The aircraft industry is expecting a seven-fold increase in air traffic by 2050, and a four-fold increase in greenhouse gas emissions unless fundamental changes are made.
But just how “fundamental” will those changes need to be and what will be their effect on the aircraft we use?
The crucial next step towards ensuring the aircraft industry becomes greener is the full electrification of commercial aircraft. That’s zero CO2 and NOx emissions, with energy sourced from power stations that are themselves sustainably fuelled.
The main technological barrier that must be overcome is the energy density of batteries, a measure of how much power can be generated from a battery of a certain weight.
Tesla CEO Elon Musk has said that once batteries are capable of producing 400 Watt-hours per kilogram, with a ratio of power cell to overall mass of between 0.7-0.8, an electrical transcontinental aircraft becomes “compelling”.
Given that practical lithium-ion batteries were capable of achieving energy-densities of 113Wh/kg in 1994, 202Wh/kg in 2004, and are now capable of approximately 300Wh/kg, it’s reasonable to assume that they will hit 400Wh/kg in the coming decade.
Another aspect is the exponential fall in the cost of solar panels, which have already become the cheapest form of power in most US states.
The expected 70% reduction in cost of lithium-ion batteries by 2025, and the rapid rise seen in the cost of kerosene-based jet fuel means that there will be a large and growing disparity in the costs of running aircraft that will greatly favour electrification.
As is often the case, the reasons that will slow transition are not technological, but are rooted in the economic and political inertia against overturning the status-quo.
Biofuels while we wait
Considering the average service-life of passenger and freight aircraft are around 21 and 33 years respectively, even if all new aircraft manufactured from tomorrow were fully electric, the transition away from fossil-fuelled aircraft would take two to three decades.
In the meantime, biofuel offers carbon emissions reductions of between 36-85%, with the variability depending on the type of land used to grow the fuel crops.
As switching from one fuel to another is relatively straightforward, this is a low-hanging fruit worth pursuing before completely phasing out combustion engines.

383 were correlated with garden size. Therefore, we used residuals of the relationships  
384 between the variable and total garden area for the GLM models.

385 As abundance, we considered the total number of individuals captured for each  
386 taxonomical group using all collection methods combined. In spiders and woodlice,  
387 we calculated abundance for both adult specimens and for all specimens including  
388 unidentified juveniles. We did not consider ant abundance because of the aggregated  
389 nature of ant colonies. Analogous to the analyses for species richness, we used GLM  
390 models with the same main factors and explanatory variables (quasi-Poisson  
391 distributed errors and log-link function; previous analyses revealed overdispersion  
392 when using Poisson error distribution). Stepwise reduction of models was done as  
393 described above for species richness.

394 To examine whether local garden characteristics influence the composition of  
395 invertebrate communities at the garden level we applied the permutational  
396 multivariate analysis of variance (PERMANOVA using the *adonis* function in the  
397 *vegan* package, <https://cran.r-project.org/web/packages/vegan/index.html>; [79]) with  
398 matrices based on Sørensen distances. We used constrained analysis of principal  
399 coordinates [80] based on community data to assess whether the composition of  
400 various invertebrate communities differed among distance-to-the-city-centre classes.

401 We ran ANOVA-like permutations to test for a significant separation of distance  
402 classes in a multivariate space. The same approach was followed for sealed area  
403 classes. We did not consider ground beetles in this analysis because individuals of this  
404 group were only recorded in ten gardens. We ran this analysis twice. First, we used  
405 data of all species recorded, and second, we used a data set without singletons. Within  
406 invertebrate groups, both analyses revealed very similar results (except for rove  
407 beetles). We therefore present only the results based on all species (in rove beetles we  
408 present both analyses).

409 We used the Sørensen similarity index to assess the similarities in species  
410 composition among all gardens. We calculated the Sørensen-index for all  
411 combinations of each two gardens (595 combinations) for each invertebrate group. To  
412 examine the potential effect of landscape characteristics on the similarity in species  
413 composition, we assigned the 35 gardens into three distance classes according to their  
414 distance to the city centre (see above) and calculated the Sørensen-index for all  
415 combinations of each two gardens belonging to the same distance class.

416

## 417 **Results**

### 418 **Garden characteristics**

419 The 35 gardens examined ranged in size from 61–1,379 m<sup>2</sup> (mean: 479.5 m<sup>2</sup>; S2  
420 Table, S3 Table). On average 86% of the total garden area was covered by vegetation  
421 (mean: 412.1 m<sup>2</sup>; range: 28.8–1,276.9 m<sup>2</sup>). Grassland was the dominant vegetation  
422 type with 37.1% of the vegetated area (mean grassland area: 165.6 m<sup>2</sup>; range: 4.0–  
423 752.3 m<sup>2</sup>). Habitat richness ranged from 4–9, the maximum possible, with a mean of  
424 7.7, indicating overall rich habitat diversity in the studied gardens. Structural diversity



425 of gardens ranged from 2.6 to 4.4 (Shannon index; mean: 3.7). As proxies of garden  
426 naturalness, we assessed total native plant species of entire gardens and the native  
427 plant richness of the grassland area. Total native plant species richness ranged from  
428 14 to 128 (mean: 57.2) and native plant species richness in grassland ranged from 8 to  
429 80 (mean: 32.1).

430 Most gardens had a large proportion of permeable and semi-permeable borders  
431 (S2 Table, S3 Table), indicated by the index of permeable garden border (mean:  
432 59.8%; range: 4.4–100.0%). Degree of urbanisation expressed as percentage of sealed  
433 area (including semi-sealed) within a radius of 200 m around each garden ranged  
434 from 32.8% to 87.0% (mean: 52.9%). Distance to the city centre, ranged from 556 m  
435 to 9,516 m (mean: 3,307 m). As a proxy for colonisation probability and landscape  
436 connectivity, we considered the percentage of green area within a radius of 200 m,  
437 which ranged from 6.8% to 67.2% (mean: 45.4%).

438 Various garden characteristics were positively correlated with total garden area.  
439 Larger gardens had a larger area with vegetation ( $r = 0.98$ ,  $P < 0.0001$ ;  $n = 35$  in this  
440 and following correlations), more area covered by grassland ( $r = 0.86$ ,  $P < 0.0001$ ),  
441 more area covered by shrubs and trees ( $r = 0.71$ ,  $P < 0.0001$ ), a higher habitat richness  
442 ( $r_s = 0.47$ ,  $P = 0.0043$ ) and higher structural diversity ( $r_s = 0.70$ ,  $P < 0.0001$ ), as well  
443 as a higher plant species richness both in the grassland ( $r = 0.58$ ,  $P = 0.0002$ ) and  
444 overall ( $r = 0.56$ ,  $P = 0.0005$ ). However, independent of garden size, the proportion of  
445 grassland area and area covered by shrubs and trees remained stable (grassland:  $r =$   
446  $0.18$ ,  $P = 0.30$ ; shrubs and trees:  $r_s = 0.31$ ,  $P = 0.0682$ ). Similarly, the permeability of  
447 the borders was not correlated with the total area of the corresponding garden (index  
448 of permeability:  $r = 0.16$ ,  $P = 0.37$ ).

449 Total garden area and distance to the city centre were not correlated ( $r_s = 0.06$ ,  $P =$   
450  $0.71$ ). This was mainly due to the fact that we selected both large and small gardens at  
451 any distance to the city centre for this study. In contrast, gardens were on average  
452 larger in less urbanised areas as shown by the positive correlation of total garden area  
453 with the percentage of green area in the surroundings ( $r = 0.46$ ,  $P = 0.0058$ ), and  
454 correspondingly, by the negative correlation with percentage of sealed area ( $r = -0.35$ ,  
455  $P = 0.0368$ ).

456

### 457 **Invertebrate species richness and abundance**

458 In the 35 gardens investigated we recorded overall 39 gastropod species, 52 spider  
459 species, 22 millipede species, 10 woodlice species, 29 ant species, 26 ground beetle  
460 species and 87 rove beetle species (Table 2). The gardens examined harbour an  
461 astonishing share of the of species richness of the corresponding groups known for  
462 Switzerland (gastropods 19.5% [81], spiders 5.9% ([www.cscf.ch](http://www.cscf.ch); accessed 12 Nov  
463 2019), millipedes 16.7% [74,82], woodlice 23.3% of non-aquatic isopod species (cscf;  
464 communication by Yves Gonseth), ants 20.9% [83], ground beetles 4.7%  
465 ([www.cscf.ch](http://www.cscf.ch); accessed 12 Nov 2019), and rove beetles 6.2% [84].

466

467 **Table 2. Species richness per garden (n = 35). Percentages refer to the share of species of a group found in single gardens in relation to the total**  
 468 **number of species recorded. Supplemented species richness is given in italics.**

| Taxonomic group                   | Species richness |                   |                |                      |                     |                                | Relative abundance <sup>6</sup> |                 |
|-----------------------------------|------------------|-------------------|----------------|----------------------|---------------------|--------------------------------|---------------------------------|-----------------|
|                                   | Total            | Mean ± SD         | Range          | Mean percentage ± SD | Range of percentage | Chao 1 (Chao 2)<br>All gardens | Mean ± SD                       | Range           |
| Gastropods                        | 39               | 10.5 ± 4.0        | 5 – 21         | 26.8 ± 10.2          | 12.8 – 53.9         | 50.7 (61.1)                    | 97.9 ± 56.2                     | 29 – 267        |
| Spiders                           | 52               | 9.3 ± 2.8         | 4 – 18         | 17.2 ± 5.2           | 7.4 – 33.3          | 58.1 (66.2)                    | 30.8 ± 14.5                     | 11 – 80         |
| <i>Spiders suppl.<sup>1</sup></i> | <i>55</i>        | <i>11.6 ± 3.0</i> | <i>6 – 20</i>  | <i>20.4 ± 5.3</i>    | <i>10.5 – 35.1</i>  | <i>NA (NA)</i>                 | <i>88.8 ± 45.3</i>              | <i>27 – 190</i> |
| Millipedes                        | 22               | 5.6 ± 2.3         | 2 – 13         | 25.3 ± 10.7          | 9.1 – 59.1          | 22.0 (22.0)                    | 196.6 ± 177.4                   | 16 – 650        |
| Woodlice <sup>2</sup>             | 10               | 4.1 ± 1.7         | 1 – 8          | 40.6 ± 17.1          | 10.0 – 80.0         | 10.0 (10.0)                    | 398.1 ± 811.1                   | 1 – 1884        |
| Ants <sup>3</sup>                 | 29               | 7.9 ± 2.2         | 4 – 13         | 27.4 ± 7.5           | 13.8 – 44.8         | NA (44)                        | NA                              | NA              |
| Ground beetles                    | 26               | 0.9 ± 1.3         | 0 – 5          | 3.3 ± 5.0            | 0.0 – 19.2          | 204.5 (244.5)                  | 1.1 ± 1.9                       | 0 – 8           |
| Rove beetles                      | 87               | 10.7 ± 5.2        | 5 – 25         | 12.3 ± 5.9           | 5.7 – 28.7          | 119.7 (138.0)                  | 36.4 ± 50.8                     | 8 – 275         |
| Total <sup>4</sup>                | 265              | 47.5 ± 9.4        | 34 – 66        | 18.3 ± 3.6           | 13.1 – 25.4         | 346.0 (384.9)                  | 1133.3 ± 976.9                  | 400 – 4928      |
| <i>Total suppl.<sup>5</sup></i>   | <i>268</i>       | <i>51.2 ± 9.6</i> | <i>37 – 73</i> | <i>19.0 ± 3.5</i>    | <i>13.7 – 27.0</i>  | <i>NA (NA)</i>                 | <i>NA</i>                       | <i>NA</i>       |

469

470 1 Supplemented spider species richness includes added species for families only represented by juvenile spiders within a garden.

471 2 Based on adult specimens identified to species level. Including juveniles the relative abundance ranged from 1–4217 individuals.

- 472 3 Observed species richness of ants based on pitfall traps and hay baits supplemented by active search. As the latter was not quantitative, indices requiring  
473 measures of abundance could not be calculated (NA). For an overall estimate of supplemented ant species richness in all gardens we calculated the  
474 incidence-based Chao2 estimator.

Even though a biofuel-kerosene jet fuel blend was certified in 2009, the aircraft industry is in no hurry to implement change. There are minor technological hurdles and issues around scaling up biofuel production to industrial levels, but the main constraint is price – parity with fossil fuels is still ten years away.
The adoption of any new aircraft technology – from research, to design sketches, to testing and full integration – is typically a decade-long process.
Given that the combustion engine will be phased out by mid-century, it would seem to make more economic and environmental sense to innovate in other areas: airframe design, materials research, electric propulsion design and air traffic control.
Chopping the tail
Once electric aircraft are established, the next step will be to integrate a gimballed propulsion system, one that can provide thrust in any direction. This will remove the need for the elevators, rudders, and tailplane control surfaces that current designs require, but which add significant mass and drag.
Ash Dove-Jay, University of BristolThe skeleton of a new generation wing, making the best of wind-tunnel experiments.
The wings we are already designing are near their peak in terms of aerodynamic efficiency, but they still do no justice to what nature has achieved in birds.
Aircraft design templates are a century old – constrained by the limitations of the day then, but technology has since moved on. We no longer need to build wings as rigid structures with discrete control surfaces, but can turn to the natural world for inspiration. As Richard Feynman said:
I think nature’s imagination is so much greater than man’s, she’s never going to let us relax.